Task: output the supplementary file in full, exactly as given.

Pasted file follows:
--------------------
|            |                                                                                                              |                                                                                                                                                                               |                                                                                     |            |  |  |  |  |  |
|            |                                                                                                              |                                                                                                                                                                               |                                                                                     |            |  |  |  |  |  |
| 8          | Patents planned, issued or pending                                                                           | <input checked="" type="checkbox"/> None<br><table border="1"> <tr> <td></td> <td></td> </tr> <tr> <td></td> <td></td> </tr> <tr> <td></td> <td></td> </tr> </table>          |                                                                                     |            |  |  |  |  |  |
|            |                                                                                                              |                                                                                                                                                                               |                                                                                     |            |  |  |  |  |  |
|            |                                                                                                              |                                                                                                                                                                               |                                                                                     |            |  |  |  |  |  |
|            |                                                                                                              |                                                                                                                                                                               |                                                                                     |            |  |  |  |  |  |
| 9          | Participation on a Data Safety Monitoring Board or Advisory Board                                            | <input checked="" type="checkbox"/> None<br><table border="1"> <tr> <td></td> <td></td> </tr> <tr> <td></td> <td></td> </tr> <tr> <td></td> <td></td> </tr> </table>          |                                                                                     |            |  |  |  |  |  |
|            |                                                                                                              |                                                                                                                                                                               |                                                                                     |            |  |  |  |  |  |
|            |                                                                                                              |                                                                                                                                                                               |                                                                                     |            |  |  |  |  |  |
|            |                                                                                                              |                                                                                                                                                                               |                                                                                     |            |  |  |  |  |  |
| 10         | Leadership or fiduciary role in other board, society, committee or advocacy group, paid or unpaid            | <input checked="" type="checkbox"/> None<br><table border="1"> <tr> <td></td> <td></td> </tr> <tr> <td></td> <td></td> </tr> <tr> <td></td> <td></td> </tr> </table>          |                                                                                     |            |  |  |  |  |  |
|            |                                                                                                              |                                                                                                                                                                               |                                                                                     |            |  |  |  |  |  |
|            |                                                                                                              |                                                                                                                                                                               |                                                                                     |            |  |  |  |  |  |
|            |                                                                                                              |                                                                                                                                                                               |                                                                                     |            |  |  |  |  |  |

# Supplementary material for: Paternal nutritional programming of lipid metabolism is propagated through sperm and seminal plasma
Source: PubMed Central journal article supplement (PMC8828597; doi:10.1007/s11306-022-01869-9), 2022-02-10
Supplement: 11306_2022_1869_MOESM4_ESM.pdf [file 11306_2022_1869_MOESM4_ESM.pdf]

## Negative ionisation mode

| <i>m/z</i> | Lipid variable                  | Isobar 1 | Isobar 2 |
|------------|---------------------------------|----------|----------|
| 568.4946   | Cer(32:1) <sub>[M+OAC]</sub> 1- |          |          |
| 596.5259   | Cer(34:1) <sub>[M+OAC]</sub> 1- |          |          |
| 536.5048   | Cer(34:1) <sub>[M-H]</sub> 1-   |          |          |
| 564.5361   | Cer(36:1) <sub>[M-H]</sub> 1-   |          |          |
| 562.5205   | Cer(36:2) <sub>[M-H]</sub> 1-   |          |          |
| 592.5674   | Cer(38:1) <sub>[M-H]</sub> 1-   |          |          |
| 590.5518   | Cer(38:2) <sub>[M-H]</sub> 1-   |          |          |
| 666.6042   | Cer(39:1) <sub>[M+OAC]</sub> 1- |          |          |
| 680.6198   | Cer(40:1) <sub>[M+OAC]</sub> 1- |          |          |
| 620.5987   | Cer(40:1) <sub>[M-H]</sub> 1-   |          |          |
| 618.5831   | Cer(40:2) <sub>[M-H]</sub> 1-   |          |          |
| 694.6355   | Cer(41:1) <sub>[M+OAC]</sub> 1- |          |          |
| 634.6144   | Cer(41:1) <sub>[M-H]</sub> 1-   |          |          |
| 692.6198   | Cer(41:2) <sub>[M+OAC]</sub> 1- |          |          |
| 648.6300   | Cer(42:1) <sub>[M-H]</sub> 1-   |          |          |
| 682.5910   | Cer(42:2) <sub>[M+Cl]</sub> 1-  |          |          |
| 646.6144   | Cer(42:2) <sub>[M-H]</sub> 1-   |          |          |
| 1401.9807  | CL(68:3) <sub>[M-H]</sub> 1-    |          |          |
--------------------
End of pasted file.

|            |                                                                                                              |                                                                                                                                                                               |                                                                                     |            |  |  |  |  |  |
|            |                                                                                                              |                                                                                                                                                                               |                                                                                     |            |  |  |  |  |  |
| 8          | Patents planned, issued or pending                                                                           | <input checked="" type="checkbox"/> None<br><table border="1"> <tr> <td></td> <td></td> </tr> <tr> <td></td> <td></td> </tr> <tr> <td></td> <td></td> </tr> </table>          |                                                                                     |            |  |  |  |  |  |
|            |                                                                                                              |                                                                                                                                                                               |                                                                                     |            |  |  |  |  |  |
|            |                                                                                                              |                                                                                                                                                                               |                                                                                     |            |  |  |  |  |  |
|            |                                                                                                              |                                                                                                                                                                               |                                                                                     |            |  |  |  |  |  |
| 9          | Participation on a Data Safety Monitoring Board or Advisory Board                                            | <input checked="" type="checkbox"/> None<br><table border="1"> <tr> <td></td> <td></td> </tr> <tr> <td></td> <td></td> </tr> <tr> <td></td> <td></td> </tr> </table>          |                                                                                     |            |  |  |  |  |  |
|            |                                                                                                              |                                                                                                                                                                               |                                                                                     |            |  |  |  |  |  |
|            |                                                                                                              |                                                                                                                                                                               |                                                                                     |            |  |  |  |  |  |
|            |                                                                                                              |                                                                                                                                                                               |                                                                                     |            |  |  |  |  |  |
| 10         | Leadership or fiduciary role in other board, society, committee or advocacy group, paid or unpaid            | <input checked="" type="checkbox"/> None<br><table border="1"> <tr> <td></td> <td></td> </tr> <tr> <td></td> <td></td> </tr> <tr> <td></td> <td></td> </tr> </table>          |                                                                                     |            |  |  |  |  |  |
|            |                                                                                                              |                                                                                                                                                                               |                                                                                     |            |  |  |  |  |  |
|            |                                                                                                              |                                                                                                                                                                               |                                                                                     |            |  |  |  |  |  |
|            |                                                                                                              |                                                                                                                                                                               |                                                                                     |            |  |  |  |  |  |

# Supplementary material for: Paternal nutritional programming of lipid metabolism is propagated through sperm and seminal plasma
Source: PubMed Central journal article supplement (PMC8828597; doi:10.1007/s11306-022-01869-9), 2022-02-10
Supplement: 11306_2022_1869_MOESM4_ESM.pdf [file 11306_2022_1869_MOESM4_ESM.pdf]

## Negative ionisation mode

| <i>m/z</i> | Lipid variable                  | Isobar 1 | Isobar 2 |
|------------|---------------------------------|----------|----------|
| 568.4946   | Cer(32:1) <sub>[M+OAC]</sub> 1- |          |          |
| 596.5259   | Cer(34:1) <sub>[M+OAC]</sub> 1- |          |          |
| 536.5048   | Cer(34:1) <sub>[M-H]</sub> 1-   |          |          |
| 564.5361   | Cer(36:1) <sub>[M-H]</sub> 1-   |          |          |
| 562.5205   | Cer(36:2) <sub>[M-H]</sub> 1-   |          |          |
| 592.5674   | Cer(38:1) <sub>[M-H]</sub> 1-   |          |          |
| 590.5518   | Cer(38:2) <sub>[M-H]</sub> 1-   |          |          |
| 666.6042   | Cer(39:1) <sub>[M+OAC]</sub> 1- |          |          |
| 680.6198   | Cer(40:1) <sub>[M+OAC]</sub> 1- |          |          |
| 620.5987   | Cer(40:1) <sub>[M-H]</sub> 1-   |          |          |
| 618.5831   | Cer(40:2) <sub>[M-H]</sub> 1-   |          |          |
| 694.6355   | Cer(41:1) <sub>[M+OAC]</sub> 1- |          |          |
| 634.6144   | Cer(41:1) <sub>[M-H]</sub> 1-   |          |          |
| 692.6198   | Cer(41:2) <sub>[M+OAC]</sub> 1- |          |          |
| 648.6300   | Cer(42:1) <sub>[M-H]</sub> 1-   |          |          |
| 682.5910   | Cer(42:2) <sub>[M+Cl]</sub> 1-  |          |          |
| 646.6144   | Cer(42:2) <sub>[M-H]</sub> 1-   |          |          |
| 1401.9807  | CL(68:3) <sub>[M-H]</sub> 1-    |          |          |